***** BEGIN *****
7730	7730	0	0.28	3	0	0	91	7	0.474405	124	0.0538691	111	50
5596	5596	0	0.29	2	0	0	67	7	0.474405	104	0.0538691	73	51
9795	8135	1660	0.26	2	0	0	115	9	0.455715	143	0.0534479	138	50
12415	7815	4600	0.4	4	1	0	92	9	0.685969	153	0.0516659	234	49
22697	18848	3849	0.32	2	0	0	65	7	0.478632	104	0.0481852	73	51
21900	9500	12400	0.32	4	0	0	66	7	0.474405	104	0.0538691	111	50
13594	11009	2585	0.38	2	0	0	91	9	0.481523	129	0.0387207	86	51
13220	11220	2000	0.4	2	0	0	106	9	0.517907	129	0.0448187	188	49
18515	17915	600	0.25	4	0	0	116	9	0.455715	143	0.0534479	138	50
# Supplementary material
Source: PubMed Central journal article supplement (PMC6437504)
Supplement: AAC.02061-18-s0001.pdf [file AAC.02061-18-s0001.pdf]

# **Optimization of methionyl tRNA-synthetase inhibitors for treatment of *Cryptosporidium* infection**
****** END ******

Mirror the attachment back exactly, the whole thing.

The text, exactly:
7730	7730	0	0.28	3	0	0	91	7	0.474405	124	0.0538691	111	50
5596	5596	0	0.29	2	0	0	67	7	0.474405	104	0.0538691	73	51
9795	8135	1660	0.26	2	0	0	115	9	0.455715	143	0.0534479	138	50
12415	7815	4600	0.4	4	1	0	92	9	0.685969	153	0.0516659	234	49
22697	18848	3849	0.32	2	0	0	65	7	0.478632	104	0.0481852	73	51
21900	9500	12400	0.32	4	0	0	66	7	0.474405	104	0.0538691	111	50
13594	11009	2585	0.38	2	0	0	91	9	0.481523	129	0.0387207	86	51
13220	11220	2000	0.4	2	0	0	106	9	0.517907	129	0.0448187	188	49
18515	17915	600	0.25	4	0	0	116	9	0.455715	143	0.0534479	138	50
# Supplementary material
Source: PubMed Central journal article supplement (PMC6437504)
Supplement: AAC.02061-18-s0001.pdf [file AAC.02061-18-s0001.pdf]

# **Optimization of methionyl tRNA-synthetase inhibitors for treatment of *Cryptosporidium* infection**